• Born in 1940, Julius Eastman was a post-minimalist composer, pianist, and Grammy-nominated vocalist. Though he forged a place in New York’s experimental music scene of the 1970s and ‘80s as a distinctive composer and riveting performer, for decades his music was largely forgotten and his name faded to obscurity. In recent years, his catalog has experienced an extraordinary resurgence through the younger generations of various musical collectives.

  • Terri Lyne Carrington, Linda May Han Oh, and Lakecia Benjamin, are part of a bold, nuanced, and diverse expression in jazz that is as beautiful, complex, and provocative as women themselves.

  • Iris Nemani (Image credit: Dahlia Katz)

    The interdisciplinary arts and culture leader joins in April 2024.

  • Starting in late 1950s and early 1960s Japan, butoh emerged as an avant-garde dance style whose creation can be credited to Tatsumi Hijikata and Kazuo Ôno. The form, with its characteristic intensity, was influenced by the emergence of postmodernism and the atomic bombings of Japan. Since then, butoh has spread across the globe.

  • With the vital support of our K-12 Programs Fund donors, Stanford Live met the needs of our community’s schools in 2022–23 in multiple ways.

  • Stanford Live’s 2023–24 season spotlights work by artists engaged in conversations around reflection and reinvention. At the core of this season are stories we know well – Frankenstein, Moby Dick, Romeo and Juliet, and The Jungle Book. In each case, artists have reinvented these tales in ways that may challenge your memories of them. What if Romeo and Juliet survived the poison and now found themselves facing a midlife crisis? How would the tales of The Jungle Book be retold against the backdrop of a climate crisis? What happened in the life of Mary Shelley that led her to create the world’s most famous monster?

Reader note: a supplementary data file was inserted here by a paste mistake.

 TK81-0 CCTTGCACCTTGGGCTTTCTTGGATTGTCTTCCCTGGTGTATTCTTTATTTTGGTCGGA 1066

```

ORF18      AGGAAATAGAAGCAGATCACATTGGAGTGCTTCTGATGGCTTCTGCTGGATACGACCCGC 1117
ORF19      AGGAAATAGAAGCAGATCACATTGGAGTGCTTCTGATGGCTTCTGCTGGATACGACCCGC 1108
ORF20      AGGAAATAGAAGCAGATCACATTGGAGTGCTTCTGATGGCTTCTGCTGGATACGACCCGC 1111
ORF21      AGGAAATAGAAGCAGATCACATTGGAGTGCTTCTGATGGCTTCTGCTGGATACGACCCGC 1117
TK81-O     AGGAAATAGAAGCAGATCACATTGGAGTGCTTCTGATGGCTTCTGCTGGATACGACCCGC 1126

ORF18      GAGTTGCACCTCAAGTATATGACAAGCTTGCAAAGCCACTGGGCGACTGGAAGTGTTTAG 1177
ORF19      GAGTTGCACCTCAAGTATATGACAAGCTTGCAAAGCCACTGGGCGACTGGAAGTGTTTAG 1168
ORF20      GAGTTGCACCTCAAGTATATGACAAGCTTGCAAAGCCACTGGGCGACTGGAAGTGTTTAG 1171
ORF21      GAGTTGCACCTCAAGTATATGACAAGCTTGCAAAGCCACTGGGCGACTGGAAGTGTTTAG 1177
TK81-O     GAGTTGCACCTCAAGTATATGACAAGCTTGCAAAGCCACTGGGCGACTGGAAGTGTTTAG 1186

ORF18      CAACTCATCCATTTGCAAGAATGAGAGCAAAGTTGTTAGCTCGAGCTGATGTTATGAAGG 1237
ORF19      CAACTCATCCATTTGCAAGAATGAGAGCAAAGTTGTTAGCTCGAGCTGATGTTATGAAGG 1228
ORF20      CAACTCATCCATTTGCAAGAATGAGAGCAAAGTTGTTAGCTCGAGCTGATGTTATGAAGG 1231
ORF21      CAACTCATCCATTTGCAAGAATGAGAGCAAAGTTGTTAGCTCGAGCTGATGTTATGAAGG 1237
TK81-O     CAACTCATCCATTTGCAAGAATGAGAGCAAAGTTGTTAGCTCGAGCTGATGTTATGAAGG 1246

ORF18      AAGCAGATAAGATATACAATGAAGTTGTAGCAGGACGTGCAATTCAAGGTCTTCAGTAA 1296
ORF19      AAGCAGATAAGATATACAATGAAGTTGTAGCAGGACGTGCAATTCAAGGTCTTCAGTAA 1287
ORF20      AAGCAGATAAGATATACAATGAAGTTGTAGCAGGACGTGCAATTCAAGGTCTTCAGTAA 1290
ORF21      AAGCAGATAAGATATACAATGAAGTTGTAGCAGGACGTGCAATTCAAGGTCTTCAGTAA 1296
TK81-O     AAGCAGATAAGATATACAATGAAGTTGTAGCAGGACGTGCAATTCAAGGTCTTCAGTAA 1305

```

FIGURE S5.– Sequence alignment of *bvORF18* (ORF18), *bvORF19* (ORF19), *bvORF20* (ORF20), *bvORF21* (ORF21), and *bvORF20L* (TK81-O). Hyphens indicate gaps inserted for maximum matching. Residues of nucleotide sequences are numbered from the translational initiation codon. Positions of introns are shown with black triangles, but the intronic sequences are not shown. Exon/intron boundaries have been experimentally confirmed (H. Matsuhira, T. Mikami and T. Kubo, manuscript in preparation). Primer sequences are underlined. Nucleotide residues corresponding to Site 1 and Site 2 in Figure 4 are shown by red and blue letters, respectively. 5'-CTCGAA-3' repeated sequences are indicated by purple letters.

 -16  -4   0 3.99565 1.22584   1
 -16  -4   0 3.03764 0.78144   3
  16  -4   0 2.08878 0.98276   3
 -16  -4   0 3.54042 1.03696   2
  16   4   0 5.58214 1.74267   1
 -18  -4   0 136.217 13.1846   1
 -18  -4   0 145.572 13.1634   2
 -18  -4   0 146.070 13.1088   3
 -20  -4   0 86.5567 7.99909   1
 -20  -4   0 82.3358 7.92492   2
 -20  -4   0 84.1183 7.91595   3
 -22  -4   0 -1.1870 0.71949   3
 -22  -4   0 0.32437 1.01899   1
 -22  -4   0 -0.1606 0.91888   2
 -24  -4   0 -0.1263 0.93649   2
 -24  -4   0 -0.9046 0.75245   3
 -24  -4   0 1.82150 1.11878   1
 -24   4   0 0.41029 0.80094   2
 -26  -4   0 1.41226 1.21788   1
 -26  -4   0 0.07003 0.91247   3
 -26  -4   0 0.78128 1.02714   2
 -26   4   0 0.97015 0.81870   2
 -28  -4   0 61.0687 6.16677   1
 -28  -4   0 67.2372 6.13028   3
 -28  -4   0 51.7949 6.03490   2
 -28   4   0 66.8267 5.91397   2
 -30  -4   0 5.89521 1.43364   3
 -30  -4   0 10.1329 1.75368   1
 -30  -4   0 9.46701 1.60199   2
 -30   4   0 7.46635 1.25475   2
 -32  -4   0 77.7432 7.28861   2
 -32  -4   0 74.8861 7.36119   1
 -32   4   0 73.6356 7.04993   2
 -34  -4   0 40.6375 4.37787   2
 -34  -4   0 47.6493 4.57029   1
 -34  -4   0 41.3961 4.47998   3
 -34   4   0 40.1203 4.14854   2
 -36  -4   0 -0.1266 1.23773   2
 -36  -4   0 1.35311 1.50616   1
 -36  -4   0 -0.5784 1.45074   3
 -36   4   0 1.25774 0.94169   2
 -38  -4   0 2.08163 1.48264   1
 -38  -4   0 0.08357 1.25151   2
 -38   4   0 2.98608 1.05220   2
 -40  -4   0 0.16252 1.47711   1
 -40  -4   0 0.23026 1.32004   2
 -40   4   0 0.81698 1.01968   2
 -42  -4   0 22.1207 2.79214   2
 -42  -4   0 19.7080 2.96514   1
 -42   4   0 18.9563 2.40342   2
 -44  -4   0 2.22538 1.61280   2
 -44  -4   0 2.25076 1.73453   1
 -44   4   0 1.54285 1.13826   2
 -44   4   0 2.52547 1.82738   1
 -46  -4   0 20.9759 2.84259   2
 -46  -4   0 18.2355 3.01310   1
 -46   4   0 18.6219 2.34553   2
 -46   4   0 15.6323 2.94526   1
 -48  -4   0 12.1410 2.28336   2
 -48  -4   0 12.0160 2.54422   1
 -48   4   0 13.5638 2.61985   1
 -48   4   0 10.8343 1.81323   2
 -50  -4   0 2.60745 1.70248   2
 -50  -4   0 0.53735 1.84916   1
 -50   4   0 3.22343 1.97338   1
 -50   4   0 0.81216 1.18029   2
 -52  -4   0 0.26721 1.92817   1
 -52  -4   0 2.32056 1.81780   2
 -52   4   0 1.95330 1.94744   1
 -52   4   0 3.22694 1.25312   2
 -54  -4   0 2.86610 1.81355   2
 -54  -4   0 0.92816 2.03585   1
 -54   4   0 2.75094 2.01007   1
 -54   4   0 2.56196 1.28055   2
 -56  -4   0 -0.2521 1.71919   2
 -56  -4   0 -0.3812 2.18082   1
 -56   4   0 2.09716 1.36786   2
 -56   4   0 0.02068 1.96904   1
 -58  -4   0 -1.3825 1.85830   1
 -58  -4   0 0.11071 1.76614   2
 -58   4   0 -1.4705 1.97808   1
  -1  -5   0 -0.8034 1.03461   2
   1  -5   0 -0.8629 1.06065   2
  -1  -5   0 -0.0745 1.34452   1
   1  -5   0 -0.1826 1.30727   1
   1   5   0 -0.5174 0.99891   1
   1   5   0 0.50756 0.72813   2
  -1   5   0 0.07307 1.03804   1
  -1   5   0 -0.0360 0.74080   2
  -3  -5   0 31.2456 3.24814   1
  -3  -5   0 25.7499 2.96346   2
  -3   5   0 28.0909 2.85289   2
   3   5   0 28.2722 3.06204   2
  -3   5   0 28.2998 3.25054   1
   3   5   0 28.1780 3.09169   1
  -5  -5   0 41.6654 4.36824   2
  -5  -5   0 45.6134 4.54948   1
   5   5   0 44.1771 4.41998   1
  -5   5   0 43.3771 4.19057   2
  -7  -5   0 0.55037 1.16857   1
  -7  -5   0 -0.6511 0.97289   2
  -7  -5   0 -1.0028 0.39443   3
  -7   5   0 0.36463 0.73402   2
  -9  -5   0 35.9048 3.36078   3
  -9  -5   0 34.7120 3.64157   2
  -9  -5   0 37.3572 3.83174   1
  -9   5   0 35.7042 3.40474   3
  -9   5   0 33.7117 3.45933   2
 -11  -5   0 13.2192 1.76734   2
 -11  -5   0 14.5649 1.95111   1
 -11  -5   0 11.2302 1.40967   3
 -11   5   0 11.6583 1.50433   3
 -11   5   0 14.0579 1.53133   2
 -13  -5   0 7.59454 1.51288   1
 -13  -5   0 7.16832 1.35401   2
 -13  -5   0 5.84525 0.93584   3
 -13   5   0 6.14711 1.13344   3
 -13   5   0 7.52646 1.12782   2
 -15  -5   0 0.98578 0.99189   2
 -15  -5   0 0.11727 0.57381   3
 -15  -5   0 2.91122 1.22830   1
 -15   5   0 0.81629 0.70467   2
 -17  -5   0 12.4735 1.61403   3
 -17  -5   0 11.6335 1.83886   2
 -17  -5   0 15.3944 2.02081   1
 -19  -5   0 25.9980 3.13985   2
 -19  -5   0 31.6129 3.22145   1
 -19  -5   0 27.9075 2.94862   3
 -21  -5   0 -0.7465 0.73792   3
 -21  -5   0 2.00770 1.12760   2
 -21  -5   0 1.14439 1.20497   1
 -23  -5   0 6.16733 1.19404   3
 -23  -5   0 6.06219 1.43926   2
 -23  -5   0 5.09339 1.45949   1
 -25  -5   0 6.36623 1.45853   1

• This summer, Frost Amphitheater will spring to life once again with a celebration of music and dance. July marks the return of Stanford Live's five-week arts festival featuring Bay Area partners SFJAZZ, San Francisco Symphony, and the San Francisco Ballet.

  • On February 10, the Bing Concert Hall audience will become immersed in an unprecedented re-creation of 11th century Christian ritual and belief. Through music, poetry, art, architecture, light, computer simulation, and other portals to the heart and senses, we will re-experience the power of chant, faith, and place to animate the spirit of Ste. Foy—Santa Fides in Latin / Saint Faith in English—a 12-year girl who was tortured and martyred for her faith.

  • A growing unease about humans’ tenuous relationship with nature settles in as storms ravaged the Bay Area in the past week. We are faced with the task of reckoning with the damage that humans have wreaked on the environment and finding a symbiosis between ourselves and nature. Two upcoming performances at Stanford Live, EDEN and The Lost Birds, celebrate the power of human voices to strengthen our connection to nature and to each other. Art addressing environmental issues runs the risk of ringing empty, but these two performances take advantage of music’s emotive resonance to mourn all that we have lost and awaken audiences to hope within.

  • The Circa production celebrates circus artistry and the power of interdependence and collaboration in two performances at Memorial Auditorium.

    By Chiara Giovanni